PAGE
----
How should Washougal pick its mayor?

Council may ask voters to decide if choice belongs to public or council

Will voters or city councilors decide Washougal’s mayor? That’s a question Washougal leaders are trying to answer.

At a Feb. 24 city council workshop, Washougal leaders discussed the possibility of asking voters to vote on a ballot proposition that would designate the city council’s No. 1 position, which is elected at-large every four years, as the city’s mayor.

Currently the city council selects the mayor every two years from a pool of elected city councilors. That system is the result of a 2018 proposition that changed the city’s form of government from a “strong mayor” system in which an elected mayor, chosen every four years by voters, had authority over city staff and the city’s day-to-day business.

Proposition 8 changed the city’s “strong mayor” form of government to a “council-manager” format that consists of an elected city council, which is responsible for policy making; and a professional city manager, appointed by the council, who is responsible for administration.

Under the new form of government, the city’s mayor has no administrative responsibilities but does serve as a prominent political figure for the city.

Most recently, Washougal City Council members appointed Molly Coston, formerly elected by voters as the city’s mayor, to remain in her mayoral position on the council.

Putting the issue to voters — and letting them decide if they want to vote in a mayor when they vote for the council’s No. 1 position — would change the current way of doing things.

“You could put that on the ballot anytime if you chose to do it,” Washougal City Manager David Scott told the Washougal City Council on Feb. 24. “However, this November might have particularly good timing for that because position No. 1 is up for re-election in November 2021. If you wanted to ask the voters to (make that change) and they chose to do that, that would mean that in 2021, position No. 1 would be for mayor.”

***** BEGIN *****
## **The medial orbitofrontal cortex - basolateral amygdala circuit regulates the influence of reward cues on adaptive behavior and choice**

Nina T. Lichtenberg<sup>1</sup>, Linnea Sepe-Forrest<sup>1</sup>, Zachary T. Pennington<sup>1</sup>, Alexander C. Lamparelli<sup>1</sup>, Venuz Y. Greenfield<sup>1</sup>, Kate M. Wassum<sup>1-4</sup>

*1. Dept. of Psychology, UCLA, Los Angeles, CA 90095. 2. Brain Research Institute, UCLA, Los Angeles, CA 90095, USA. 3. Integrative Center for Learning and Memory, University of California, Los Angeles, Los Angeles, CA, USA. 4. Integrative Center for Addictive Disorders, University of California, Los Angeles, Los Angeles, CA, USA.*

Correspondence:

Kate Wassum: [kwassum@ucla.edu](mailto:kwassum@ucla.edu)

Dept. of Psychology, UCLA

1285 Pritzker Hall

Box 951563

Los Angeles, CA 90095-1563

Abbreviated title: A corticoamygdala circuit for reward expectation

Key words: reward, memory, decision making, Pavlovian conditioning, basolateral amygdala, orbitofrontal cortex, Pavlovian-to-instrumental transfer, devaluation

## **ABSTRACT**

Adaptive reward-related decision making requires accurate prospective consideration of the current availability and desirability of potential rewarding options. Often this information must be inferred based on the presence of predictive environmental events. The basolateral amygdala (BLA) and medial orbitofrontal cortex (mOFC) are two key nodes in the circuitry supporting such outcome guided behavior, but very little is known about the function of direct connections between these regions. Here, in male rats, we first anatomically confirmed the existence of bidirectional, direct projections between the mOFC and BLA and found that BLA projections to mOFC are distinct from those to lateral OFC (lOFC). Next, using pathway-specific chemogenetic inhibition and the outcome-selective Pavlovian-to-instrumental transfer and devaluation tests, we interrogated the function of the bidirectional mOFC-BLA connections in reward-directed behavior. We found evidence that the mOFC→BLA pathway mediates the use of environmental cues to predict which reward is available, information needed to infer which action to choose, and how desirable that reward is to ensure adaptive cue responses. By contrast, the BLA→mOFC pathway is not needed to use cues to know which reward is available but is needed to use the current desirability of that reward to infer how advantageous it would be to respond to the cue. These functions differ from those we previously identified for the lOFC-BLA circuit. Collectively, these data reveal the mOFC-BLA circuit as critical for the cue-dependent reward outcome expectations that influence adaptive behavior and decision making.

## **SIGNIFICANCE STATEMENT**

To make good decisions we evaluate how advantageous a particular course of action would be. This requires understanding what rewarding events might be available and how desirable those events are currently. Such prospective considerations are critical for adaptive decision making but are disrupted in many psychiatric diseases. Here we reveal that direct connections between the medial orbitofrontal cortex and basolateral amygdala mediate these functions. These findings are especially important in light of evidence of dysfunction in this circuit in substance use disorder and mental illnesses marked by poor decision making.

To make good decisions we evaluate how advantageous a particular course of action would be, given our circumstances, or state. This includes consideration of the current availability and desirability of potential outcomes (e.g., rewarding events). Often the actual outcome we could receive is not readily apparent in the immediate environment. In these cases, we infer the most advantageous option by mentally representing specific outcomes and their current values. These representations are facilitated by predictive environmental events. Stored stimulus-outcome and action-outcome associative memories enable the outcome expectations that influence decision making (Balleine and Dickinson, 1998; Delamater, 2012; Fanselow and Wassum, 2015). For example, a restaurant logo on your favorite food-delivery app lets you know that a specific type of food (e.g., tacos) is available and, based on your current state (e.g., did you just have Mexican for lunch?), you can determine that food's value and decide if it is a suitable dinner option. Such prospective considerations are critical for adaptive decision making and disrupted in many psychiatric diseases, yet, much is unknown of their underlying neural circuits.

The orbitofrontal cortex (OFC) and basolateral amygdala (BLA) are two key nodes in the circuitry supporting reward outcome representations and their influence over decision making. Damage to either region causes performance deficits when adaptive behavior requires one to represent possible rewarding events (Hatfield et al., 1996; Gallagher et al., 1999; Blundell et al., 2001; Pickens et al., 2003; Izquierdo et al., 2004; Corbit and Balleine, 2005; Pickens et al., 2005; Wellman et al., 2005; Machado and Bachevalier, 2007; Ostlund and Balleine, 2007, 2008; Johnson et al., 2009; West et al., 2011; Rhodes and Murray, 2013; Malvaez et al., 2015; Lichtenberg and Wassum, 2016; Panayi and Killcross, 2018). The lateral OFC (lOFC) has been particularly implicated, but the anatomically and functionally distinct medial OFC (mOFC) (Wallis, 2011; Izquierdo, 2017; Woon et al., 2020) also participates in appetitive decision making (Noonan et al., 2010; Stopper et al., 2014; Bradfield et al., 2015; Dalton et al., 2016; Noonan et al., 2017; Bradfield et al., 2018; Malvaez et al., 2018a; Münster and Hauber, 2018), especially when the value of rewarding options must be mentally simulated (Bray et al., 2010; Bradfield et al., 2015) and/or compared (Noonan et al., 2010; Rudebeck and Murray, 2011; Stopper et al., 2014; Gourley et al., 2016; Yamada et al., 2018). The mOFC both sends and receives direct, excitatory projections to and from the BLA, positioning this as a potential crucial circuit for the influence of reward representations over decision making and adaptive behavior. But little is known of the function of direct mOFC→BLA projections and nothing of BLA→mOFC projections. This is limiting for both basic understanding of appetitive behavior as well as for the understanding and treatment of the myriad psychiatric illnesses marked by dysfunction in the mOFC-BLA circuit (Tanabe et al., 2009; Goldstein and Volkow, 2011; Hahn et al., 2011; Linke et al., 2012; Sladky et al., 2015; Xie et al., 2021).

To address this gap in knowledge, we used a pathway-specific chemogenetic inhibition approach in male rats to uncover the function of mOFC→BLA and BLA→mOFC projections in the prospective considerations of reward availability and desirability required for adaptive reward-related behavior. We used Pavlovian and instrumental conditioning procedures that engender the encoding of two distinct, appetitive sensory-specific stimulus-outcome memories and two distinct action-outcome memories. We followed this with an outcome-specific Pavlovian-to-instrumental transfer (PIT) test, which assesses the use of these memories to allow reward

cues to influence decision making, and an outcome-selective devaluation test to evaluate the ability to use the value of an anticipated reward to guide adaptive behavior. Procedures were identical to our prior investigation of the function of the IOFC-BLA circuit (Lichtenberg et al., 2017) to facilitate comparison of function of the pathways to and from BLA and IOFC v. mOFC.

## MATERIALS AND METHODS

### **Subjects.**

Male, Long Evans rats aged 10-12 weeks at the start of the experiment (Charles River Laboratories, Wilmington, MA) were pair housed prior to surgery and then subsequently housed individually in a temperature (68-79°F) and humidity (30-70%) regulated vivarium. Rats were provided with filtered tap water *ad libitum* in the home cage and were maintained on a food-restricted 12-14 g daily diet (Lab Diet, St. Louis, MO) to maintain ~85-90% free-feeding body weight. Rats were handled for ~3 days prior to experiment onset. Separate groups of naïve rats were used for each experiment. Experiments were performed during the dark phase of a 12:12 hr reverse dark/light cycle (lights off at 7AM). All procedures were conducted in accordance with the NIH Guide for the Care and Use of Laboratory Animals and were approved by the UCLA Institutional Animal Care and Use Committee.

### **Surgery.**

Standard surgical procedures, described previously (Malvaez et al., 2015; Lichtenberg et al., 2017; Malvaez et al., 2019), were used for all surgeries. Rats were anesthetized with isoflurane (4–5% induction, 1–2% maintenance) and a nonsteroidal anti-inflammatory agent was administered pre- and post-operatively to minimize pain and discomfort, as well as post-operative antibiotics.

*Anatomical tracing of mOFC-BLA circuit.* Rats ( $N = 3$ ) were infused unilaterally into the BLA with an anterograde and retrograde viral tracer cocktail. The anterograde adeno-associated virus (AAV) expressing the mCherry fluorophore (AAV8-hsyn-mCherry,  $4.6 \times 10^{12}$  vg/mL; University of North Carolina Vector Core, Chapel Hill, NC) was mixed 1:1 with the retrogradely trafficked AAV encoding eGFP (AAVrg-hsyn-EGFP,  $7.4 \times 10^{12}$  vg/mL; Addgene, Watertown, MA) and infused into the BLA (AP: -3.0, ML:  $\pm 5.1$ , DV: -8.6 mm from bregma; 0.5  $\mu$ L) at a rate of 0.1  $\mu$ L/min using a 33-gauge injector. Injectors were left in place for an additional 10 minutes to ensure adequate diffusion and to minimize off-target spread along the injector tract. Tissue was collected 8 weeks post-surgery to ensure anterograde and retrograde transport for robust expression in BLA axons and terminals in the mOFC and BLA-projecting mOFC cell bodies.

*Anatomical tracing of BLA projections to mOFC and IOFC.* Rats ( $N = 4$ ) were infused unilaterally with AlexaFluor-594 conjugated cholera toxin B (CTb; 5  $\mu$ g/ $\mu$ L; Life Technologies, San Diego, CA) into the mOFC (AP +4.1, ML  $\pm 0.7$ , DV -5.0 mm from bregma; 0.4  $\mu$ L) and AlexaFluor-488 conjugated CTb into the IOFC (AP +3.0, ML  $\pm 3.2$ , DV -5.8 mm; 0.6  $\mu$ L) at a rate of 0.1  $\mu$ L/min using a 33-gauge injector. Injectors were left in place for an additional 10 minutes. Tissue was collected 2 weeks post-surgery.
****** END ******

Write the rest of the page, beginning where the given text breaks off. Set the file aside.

The resolution that placed the change-of-government option on the ballot in 2018 contained a sub-section that stated the Council intended to bring this issue to voters if the council-mayor form of government was approved.

“So (the council has) two options — one is to leave the default in place just the way it is. That would require no action of this council,” Scott said. “Or they can follow up on what was in the resolution where there was an intention expressed back in mid-2018 that a proposition would be placed on the ballot to ask the voters if they want to designate position No. 1 as the mayor. That, obviously, would require action from the council to pass such a resolution.”

Scott added that the action would not change the mayoral role in Washougal but would “simply (be) about how the mayor is chosen.”

Six of the eight council members expressed a desire to move ahead with the proposition, saying they should honor the promise they made two years ago.

“I think that it’s more transparent if the mayor is elected by the community,” Coston said. “We just moved from that, so the community is accustomed to electing a mayor.”

Councilman Brent Boger said he doesn’t think the 2018 proposition would’ve passed without the addition of the sub-section.